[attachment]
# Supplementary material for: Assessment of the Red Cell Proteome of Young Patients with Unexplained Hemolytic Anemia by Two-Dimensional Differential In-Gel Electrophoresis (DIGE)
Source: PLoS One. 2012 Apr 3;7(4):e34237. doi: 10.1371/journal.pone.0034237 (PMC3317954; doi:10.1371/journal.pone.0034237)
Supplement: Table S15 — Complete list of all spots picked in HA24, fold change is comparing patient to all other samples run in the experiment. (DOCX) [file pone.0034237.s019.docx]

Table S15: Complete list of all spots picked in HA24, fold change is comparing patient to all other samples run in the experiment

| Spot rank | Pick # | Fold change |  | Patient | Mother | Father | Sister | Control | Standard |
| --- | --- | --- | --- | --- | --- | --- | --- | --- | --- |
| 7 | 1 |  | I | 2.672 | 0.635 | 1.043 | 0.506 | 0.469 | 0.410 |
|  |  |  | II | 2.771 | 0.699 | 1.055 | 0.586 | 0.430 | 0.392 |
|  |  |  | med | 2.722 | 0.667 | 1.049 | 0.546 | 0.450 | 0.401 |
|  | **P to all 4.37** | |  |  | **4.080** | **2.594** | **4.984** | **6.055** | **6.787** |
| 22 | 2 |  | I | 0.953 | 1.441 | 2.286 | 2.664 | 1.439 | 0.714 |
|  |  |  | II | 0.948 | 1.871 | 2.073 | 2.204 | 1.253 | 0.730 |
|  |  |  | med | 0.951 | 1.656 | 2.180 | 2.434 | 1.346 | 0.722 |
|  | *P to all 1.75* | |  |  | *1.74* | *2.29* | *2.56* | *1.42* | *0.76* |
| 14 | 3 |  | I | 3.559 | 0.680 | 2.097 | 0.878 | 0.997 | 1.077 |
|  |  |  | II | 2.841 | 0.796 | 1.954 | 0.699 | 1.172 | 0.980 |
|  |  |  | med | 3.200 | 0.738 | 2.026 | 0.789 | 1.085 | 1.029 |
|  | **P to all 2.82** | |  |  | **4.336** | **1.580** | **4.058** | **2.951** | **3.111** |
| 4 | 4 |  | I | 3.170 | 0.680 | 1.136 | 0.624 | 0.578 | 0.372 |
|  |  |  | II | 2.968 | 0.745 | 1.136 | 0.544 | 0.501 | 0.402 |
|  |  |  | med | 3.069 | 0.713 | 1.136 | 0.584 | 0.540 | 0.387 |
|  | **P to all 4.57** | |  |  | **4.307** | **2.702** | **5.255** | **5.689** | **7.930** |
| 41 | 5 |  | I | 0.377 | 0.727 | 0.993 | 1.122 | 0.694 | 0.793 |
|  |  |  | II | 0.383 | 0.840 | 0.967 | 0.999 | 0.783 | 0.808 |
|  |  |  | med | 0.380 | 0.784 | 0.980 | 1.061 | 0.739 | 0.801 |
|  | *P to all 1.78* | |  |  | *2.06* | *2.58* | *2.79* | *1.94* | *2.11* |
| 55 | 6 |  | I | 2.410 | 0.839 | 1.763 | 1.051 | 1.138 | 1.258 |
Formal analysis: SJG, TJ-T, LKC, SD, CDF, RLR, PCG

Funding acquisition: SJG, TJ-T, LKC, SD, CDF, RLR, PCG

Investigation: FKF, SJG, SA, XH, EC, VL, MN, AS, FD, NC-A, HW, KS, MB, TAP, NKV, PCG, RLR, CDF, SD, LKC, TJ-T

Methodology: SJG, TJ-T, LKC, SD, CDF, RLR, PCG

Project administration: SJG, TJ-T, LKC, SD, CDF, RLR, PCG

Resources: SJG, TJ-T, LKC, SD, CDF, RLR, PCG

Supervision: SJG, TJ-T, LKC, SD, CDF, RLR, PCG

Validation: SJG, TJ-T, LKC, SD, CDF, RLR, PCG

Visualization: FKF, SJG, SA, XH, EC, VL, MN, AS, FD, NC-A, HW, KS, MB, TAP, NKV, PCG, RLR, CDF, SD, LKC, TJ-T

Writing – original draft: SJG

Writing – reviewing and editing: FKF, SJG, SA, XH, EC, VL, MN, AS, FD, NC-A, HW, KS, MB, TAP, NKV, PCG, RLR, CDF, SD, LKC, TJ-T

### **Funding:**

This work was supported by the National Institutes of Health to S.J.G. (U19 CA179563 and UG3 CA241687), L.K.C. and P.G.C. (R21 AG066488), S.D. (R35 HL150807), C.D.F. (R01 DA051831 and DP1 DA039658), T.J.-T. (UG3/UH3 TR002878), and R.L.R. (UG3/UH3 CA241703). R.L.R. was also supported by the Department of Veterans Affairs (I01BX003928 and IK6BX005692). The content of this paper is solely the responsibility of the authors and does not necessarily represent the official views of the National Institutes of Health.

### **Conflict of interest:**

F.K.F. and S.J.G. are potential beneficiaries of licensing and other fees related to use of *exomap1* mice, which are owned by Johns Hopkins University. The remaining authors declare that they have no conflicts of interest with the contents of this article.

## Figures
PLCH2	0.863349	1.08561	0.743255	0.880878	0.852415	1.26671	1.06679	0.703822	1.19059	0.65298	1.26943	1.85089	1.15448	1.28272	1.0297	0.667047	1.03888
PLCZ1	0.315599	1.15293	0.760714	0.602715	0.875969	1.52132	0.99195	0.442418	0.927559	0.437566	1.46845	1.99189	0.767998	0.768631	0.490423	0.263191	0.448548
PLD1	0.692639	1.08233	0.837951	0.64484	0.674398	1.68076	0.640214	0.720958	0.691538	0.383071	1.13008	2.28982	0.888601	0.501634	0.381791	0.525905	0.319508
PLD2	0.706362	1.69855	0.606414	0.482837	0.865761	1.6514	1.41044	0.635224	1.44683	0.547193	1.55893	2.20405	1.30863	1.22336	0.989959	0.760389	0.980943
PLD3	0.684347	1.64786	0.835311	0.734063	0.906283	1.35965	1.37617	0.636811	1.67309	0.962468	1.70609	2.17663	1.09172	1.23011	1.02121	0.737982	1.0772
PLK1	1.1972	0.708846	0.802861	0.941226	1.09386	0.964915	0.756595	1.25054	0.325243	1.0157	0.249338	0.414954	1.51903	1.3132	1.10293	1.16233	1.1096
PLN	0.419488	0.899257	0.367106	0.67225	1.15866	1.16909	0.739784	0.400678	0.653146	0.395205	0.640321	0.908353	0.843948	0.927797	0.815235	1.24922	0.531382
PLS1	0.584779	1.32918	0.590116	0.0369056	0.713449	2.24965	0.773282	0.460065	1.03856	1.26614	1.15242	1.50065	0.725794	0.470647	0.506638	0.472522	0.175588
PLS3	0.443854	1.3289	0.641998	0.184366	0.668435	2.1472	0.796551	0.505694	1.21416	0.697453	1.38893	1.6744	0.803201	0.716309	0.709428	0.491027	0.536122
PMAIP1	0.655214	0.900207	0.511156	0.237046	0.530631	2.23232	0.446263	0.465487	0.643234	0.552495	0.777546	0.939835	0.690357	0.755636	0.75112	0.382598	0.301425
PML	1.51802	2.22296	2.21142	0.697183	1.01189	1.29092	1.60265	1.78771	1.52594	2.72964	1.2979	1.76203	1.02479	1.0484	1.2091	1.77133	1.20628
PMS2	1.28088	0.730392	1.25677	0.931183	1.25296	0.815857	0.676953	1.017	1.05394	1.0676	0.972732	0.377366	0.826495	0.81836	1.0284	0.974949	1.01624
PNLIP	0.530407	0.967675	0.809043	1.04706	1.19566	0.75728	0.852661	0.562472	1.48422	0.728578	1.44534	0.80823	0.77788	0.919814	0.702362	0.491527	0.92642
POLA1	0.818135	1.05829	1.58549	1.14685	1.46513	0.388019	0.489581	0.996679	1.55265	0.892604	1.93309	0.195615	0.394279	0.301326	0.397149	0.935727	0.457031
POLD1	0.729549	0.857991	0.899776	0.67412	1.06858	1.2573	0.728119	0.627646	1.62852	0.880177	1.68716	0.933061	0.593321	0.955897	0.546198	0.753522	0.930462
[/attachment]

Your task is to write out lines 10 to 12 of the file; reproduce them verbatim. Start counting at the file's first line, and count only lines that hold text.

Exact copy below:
|  | **P to all 4.37** | |  |  | **4.080** | **2.594** | **4.984** | **6.055** | **6.787** |
| 22 | 2 |  | I | 0.953 | 1.441 | 2.286 | 2.664 | 1.439 | 0.714 |
|  |  |  | II | 0.948 | 1.871 | 2.073 | 2.204 | 1.253 | 0.730 |